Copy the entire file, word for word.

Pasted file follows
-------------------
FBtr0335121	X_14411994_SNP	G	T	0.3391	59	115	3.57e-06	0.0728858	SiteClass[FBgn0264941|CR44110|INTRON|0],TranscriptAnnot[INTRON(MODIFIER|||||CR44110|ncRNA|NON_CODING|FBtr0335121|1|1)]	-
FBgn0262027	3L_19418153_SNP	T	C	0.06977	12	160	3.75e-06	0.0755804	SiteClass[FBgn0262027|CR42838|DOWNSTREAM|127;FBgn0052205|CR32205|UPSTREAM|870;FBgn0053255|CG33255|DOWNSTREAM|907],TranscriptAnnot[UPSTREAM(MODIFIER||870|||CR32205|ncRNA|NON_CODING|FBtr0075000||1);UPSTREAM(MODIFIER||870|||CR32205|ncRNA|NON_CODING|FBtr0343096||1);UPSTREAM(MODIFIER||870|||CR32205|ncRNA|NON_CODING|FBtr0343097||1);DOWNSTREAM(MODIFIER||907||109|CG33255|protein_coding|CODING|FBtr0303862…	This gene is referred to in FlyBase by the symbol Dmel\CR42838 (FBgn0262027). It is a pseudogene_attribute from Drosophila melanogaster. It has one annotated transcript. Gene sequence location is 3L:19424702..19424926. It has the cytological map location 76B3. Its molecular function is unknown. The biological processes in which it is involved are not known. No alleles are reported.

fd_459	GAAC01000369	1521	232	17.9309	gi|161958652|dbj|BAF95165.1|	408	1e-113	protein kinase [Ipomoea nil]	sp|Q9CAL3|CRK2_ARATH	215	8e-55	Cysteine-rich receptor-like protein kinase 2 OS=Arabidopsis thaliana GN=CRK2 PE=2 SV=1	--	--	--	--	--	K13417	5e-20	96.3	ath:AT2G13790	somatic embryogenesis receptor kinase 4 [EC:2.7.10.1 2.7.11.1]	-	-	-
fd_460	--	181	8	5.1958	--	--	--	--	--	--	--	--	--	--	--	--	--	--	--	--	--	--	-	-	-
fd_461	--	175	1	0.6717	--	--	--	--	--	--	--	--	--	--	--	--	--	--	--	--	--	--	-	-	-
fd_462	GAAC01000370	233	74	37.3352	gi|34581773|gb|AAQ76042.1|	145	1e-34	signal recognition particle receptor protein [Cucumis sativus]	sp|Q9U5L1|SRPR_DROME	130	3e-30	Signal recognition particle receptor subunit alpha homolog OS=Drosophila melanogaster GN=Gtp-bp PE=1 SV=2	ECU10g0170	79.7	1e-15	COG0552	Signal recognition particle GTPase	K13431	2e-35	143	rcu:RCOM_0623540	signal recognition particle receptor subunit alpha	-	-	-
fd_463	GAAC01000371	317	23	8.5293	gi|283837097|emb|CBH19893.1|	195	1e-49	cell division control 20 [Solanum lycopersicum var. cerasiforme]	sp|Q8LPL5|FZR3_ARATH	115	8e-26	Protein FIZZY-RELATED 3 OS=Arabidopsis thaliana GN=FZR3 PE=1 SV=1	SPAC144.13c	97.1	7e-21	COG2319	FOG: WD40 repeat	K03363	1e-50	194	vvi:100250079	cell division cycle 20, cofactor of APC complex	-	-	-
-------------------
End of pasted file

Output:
FBtr0335121	X_14411994_SNP	G	T	0.3391	59	115	3.57e-06	0.0728858	SiteClass[FBgn0264941|CR44110|INTRON|0],TranscriptAnnot[INTRON(MODIFIER|||||CR44110|ncRNA|NON_CODING|FBtr0335121|1|1)]	-
FBgn0262027	3L_19418153_SNP	T	C	0.06977	12	160	3.75e-06	0.0755804	SiteClass[FBgn0262027|CR42838|DOWNSTREAM|127;FBgn0052205|CR32205|UPSTREAM|870;FBgn0053255|CG33255|DOWNSTREAM|907],TranscriptAnnot[UPSTREAM(MODIFIER||870|||CR32205|ncRNA|NON_CODING|FBtr0075000||1);UPSTREAM(MODIFIER||870|||CR32205|ncRNA|NON_CODING|FBtr0343096||1);UPSTREAM(MODIFIER||870|||CR32205|ncRNA|NON_CODING|FBtr0343097||1);DOWNSTREAM(MODIFIER||907||109|CG33255|protein_coding|CODING|FBtr0303862…	This gene is referred to in FlyBase by the symbol Dmel\CR42838 (FBgn0262027). It is a pseudogene_attribute from Drosophila melanogaster. It has one annotated transcript. Gene sequence location is 3L:19424702..19424926. It has the cytological map location 76B3. Its molecular function is unknown. The biological processes in which it is involved are not known. No alleles are reported.

fd_459	GAAC01000369	1521	232	17.9309	gi|161958652|dbj|BAF95165.1|	408	1e-113	protein kinase [Ipomoea nil]	sp|Q9CAL3|CRK2_ARATH	215	8e-55	Cysteine-rich receptor-like protein kinase 2 OS=Arabidopsis thaliana GN=CRK2 PE=2 SV=1	--	--	--	--	--	K13417	5e-20	96.3	ath:AT2G13790	somatic embryogenesis receptor kinase 4 [EC:2.7.10.1 2.7.11.1]	-	-	-
fd_460	--	181	8	5.1958	--	--	--	--	--	--	--	--	--	--	--	--	--	--	--	--	--	--	-	-	-
fd_461	--	175	1	0.6717	--	--	--	--	--	--	--	--	--	--	--	--	--	--	--	--	--	--	-	-	-
fd_462	GAAC01000370	233	74	37.3352	gi|34581773|gb|AAQ76042.1|	145	1e-34	signal recognition particle receptor protein [Cucumis sativus]	sp|Q9U5L1|SRPR_DROME	130	3e-30	Signal recognition particle receptor subunit alpha homolog OS=Drosophila melanogaster GN=Gtp-bp PE=1 SV=2	ECU10g0170	79.7	1e-15	COG0552	Signal recognition particle GTPase	K13431	2e-35	143	rcu:RCOM_0623540	signal recognition particle receptor subunit alpha	-	-	-
fd_463	GAAC01000371	317	23	8.5293	gi|283837097|emb|CBH19893.1|	195	1e-49	cell division control 20 [Solanum lycopersicum var. cerasiforme]	sp|Q8LPL5|FZR3_ARATH	115	8e-26	Protein FIZZY-RELATED 3 OS=Arabidopsis thaliana GN=FZR3 PE=1 SV=1	SPAC144.13c	97.1	7e-21	COG2319	FOG: WD40 repeat	K03363	1e-50	194	vvi:100250079	cell division cycle 20, cofactor of APC complex	-	-	-